We studied the contents of the archives attached to the emails, finding it to contain one of two unique files that belong to the same family. It is the widespread Agent Tesla malware, written in .NET and known since 2014. Its main objective is to fetch passwords stored in browsers and other applications, and forward these to the operator. While Agent Tesla most frequently forwards data via email, there are versions that drop the stolen data into a Telegram secret chat, on a website operated by the attackers or on an FTP server. The Agent Tesla version being spread by the campaign at hand is one the latest, capable of ripping password from the following applications.
- Browsers: Chrome, Edge, Firefox, Opera, 360 Browser, 7Star, Amigo, Brave, CentBrowser, Chedot, Chromium, Citrio, Cốc Cốc, Comodo Dragon, CoolNovo, Coowon, Elements Browser, Epic Privacy, Iridium Browser, Kometa, Liebao Browser, Orbitum, QIP Surf, Sleipnir 6, Sputnik, Torch Browser, Uran, Vivaldi, Yandex.Browser, QQ Browser, Cyberfox, IceDragon, Pale Moon, SeaMonkey, Waterfox, IceCat, K-Meleon.
- Email clients: Becky!, Opera Mail, Foxmail, Thunderbird, Claws, Outlook, The Bat!, eM Client, Mailbird, IncrediMail, Postbox, Pocomail
- FTP/SCP clients: WinSCP, WS_FTP, FTPGetter, SmartFTP, FTP Navigator, Core FTP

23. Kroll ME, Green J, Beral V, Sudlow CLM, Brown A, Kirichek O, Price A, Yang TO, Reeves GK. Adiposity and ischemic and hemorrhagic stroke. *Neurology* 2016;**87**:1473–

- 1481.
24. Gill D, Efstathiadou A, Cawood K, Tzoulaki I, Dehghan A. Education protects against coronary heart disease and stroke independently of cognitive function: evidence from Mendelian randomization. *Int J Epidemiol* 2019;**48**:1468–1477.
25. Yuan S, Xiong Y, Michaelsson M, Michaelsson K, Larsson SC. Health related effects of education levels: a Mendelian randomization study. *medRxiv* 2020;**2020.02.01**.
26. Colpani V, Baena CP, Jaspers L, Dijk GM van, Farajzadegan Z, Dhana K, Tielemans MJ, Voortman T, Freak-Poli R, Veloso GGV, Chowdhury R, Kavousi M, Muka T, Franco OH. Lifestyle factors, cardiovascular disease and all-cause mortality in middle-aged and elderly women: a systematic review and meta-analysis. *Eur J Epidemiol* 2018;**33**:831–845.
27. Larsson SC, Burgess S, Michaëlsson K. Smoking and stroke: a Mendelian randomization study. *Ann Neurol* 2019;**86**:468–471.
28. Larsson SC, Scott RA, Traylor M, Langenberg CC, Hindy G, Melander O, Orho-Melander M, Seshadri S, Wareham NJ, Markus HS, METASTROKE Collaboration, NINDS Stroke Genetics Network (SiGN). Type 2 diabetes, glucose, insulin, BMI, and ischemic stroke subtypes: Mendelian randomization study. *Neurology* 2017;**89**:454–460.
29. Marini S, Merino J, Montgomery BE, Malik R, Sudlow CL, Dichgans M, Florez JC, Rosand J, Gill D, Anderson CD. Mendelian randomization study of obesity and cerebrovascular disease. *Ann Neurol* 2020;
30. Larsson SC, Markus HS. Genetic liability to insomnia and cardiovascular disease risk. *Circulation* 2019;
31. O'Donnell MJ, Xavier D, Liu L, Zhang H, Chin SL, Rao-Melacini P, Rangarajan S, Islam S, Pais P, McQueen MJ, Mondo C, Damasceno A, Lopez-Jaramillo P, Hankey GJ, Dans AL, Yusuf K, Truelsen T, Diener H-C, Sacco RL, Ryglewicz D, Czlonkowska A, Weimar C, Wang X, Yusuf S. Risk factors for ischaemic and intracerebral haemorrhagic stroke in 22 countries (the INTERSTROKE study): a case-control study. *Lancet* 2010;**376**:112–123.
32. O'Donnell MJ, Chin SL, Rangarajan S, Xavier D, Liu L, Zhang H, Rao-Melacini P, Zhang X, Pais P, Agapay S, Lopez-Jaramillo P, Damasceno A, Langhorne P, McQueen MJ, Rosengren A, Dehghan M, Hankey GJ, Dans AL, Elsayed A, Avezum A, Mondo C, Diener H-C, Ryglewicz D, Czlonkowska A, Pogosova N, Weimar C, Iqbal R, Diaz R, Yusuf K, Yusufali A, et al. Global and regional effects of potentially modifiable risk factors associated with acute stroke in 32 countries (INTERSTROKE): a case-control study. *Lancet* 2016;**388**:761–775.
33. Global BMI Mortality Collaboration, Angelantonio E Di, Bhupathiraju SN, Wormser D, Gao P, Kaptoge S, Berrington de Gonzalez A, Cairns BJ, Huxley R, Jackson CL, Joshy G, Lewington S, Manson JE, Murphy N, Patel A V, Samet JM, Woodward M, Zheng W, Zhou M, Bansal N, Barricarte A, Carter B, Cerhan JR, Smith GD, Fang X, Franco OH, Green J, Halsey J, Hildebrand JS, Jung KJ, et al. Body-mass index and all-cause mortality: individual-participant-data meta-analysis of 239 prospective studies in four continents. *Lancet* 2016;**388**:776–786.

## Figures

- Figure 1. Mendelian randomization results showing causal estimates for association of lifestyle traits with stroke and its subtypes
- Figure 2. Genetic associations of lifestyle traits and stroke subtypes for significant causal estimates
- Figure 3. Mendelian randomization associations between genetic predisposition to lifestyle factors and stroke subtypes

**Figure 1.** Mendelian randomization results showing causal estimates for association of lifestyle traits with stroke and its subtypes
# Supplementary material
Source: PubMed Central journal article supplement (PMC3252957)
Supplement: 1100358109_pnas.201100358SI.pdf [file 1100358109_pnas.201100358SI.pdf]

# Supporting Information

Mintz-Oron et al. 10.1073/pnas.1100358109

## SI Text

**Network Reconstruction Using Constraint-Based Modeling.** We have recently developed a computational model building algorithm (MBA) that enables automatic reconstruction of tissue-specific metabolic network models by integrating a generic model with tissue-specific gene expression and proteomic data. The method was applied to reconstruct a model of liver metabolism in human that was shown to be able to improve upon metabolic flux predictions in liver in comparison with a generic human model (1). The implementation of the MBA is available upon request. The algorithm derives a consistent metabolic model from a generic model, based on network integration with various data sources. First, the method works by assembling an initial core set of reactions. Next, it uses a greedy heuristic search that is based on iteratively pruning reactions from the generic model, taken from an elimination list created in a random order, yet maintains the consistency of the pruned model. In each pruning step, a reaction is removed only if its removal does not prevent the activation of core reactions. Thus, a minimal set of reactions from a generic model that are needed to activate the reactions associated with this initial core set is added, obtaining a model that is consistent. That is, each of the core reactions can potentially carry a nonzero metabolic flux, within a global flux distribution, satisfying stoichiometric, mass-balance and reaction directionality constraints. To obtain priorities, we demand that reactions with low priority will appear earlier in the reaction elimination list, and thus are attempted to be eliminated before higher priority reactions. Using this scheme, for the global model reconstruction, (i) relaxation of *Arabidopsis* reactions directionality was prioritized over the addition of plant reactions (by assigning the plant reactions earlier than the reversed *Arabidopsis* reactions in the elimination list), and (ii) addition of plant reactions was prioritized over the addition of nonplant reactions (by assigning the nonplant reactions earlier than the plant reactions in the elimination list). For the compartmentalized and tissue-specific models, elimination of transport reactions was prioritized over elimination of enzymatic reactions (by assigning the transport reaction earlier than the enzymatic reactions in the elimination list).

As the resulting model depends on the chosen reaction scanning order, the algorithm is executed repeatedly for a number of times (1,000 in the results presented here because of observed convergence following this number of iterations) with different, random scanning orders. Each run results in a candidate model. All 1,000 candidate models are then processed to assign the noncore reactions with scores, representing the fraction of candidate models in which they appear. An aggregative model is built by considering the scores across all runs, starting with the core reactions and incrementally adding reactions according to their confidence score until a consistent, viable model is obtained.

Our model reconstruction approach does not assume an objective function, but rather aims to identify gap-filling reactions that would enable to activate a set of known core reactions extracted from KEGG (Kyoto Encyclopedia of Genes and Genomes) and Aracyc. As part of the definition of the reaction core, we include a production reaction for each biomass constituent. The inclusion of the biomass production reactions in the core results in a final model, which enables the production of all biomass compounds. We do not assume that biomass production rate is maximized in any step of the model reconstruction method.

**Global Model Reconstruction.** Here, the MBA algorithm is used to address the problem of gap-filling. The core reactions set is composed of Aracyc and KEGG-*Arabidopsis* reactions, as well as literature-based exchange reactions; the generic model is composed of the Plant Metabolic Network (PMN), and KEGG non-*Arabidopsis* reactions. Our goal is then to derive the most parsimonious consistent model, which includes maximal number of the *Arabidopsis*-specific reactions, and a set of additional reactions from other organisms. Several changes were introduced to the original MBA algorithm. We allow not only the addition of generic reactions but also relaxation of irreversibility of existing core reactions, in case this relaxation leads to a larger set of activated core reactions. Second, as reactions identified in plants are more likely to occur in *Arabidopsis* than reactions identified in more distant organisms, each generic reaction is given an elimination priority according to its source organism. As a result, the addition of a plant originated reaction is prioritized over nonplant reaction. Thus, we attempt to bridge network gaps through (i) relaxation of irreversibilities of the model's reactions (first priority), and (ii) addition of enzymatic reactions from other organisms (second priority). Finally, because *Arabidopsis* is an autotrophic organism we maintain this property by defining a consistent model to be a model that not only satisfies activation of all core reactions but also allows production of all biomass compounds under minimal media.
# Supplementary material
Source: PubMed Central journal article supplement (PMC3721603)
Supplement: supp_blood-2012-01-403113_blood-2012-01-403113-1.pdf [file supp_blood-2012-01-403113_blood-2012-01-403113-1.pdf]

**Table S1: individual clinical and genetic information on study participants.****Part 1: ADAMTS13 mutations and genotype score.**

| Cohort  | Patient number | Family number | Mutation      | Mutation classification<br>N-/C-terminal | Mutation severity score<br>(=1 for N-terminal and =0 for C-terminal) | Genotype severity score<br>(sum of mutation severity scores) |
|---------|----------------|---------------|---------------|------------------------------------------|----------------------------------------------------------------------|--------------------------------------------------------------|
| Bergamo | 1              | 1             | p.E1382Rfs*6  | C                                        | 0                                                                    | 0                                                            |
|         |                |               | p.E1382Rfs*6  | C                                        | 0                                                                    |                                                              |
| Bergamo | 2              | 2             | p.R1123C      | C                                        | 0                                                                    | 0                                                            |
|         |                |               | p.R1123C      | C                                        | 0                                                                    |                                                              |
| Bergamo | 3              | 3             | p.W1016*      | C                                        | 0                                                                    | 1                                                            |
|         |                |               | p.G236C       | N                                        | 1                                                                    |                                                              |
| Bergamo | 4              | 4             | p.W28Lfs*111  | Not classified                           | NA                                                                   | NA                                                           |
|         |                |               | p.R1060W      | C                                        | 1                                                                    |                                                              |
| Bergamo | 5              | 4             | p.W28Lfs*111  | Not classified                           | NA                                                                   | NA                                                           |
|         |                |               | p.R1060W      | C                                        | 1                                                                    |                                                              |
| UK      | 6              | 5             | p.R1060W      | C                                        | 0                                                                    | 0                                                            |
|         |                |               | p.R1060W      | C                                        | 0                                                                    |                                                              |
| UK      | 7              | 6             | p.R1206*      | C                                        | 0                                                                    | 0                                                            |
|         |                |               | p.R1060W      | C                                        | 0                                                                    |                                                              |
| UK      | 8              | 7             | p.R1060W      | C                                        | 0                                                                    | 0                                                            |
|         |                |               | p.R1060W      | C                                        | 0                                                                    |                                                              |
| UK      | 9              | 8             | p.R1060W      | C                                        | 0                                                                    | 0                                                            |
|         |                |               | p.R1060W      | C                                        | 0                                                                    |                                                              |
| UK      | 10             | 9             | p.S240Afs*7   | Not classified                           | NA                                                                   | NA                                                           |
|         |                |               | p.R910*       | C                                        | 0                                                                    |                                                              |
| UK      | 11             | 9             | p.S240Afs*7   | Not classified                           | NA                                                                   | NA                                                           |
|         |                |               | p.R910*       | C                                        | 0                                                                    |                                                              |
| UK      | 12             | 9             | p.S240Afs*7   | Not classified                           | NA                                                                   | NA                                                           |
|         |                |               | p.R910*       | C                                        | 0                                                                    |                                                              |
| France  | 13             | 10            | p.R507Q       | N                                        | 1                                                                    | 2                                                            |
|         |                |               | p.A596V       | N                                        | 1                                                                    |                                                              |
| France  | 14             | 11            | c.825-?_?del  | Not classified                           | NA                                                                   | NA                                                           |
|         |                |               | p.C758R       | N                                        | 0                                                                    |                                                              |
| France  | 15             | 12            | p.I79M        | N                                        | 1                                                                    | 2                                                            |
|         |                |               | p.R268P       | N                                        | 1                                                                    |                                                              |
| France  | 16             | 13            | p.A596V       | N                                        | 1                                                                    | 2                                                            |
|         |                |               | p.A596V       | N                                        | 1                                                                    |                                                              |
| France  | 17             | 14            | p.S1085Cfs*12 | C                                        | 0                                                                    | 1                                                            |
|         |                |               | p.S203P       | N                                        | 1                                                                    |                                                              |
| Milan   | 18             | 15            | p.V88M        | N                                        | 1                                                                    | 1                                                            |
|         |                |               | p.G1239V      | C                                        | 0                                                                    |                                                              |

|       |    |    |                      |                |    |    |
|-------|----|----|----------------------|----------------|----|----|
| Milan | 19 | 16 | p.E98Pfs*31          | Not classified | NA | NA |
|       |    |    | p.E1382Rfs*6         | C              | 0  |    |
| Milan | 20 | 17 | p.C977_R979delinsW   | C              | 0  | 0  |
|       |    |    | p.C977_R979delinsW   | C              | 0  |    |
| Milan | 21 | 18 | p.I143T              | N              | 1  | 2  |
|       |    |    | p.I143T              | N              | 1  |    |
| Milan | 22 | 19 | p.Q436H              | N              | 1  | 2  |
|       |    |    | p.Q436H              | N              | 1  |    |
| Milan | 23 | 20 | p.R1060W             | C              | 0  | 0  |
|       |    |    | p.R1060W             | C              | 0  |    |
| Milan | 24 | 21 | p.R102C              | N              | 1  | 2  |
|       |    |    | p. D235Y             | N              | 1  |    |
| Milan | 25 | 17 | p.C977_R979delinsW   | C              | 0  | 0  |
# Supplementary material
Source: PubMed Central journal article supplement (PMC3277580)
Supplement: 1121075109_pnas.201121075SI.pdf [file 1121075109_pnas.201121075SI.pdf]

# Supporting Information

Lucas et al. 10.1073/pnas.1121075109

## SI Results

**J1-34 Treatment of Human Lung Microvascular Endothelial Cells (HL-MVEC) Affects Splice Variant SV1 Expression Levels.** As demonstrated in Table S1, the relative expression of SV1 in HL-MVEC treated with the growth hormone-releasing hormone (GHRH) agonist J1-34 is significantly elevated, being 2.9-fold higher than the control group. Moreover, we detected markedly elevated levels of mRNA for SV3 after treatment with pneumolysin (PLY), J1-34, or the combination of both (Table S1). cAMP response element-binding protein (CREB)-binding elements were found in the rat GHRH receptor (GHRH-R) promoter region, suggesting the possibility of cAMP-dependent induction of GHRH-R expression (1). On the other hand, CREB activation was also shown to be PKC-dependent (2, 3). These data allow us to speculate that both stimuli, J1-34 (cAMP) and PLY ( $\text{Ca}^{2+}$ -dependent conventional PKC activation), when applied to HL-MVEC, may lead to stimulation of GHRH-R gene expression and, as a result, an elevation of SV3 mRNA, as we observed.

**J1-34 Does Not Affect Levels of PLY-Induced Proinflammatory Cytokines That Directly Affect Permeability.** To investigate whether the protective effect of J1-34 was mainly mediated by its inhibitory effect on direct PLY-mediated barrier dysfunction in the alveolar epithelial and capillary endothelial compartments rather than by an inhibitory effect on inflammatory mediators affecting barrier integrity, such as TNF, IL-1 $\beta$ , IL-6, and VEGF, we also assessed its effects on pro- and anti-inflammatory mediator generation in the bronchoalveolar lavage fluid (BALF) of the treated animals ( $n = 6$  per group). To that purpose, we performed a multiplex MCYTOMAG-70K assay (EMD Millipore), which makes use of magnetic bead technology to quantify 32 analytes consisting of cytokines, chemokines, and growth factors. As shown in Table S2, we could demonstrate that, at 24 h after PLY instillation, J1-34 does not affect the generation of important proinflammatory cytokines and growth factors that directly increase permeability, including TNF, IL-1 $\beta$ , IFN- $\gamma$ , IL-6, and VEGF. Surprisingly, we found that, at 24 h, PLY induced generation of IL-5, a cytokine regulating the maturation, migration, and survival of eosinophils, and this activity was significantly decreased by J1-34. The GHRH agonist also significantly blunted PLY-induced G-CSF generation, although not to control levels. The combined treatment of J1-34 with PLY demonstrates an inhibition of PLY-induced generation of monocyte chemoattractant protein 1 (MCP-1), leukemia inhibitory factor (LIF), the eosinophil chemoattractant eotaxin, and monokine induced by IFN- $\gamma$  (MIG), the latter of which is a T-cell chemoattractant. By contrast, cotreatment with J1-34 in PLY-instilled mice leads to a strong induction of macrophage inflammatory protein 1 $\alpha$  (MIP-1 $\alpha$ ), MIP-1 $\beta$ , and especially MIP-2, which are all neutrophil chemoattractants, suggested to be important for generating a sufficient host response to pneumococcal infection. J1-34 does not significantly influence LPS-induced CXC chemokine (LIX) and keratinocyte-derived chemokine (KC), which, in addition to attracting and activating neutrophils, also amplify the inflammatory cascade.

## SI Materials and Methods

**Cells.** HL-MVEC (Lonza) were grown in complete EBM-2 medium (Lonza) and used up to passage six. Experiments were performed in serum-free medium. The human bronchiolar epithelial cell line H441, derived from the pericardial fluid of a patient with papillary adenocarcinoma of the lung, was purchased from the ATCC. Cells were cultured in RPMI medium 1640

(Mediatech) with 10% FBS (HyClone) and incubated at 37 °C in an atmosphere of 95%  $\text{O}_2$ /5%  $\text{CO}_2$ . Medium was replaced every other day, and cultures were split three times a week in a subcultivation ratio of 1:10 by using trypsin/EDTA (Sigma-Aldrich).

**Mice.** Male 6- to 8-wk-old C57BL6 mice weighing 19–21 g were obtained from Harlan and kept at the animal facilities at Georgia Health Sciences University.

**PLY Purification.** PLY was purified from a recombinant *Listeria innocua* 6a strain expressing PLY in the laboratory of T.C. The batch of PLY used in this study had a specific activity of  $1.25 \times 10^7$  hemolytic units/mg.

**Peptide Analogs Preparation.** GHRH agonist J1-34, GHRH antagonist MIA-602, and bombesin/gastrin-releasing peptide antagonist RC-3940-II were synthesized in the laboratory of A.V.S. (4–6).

- Databases: MySQL Workbench
- Virtual network computing clients: RealVNC, TightVNC, TigerVNC, UltraVNC, Windows RDP, cFTP
- VPN clients: NordVPN, OpenVPN
- Instant messaging programs: Psi/Psi+, Trillian
Agenta Tesla is also capable of making screenshots, intercepting clipboard contents and logging keystrokes.
Agent Tesla attack geography
Agent Tesla targets users around the world. According to our observations, the malware’s activity from May till August 2022 was the highest in Europe, Asia and Latin America. The largest number of victims (20,941) was recorded in Mexico. It was followed by Spain, with 18,090 users’ devices registering infection attempts, and Germany, where 14,880 users were affected.
Ten most-attacked counties by number of affected users:
The spam campaign we discovered is clear proof that cybercriminals can invest significant effort even in mass attacks. The email messages we studied appear to be high-quality imitations of business inquiries by real companies, only given away by the inappropriate sender addresses. In all likelihood, these emails were composed and sent out manually. That said, our systems were detecting more than a hundred thousand of these emails each month, which targeted organizations all around the world.
The payload spread by the attackers is capable of stealing login data from an imposing number of applications. The data may be offered for sale on darkweb forums or used in targeted attacks against organizations. Agent Tesla is notably a long-known stealer, detected by most cybersecurity products. It is assigned the verdict Trojan-PSW.MSIL.Agensla by Kaspersky products.
Indicators of compromise
MD5 hashes of attached archives:
MD5 hashes of the executables and details of attackers’ email accounts used for sending and receiving data stolen by the sample:
Mail from: info(a)essentialapparatus.co.ke
Mail to: sales1.nuozhongsteel(a)gmail.com
Mail server: mail.essentialapparatus.co.ke:587
Mail from: quality(a)keeprojects.in
Mail to: quality(a)keeprojects.in
Mail server: mail.keeprojects.in:587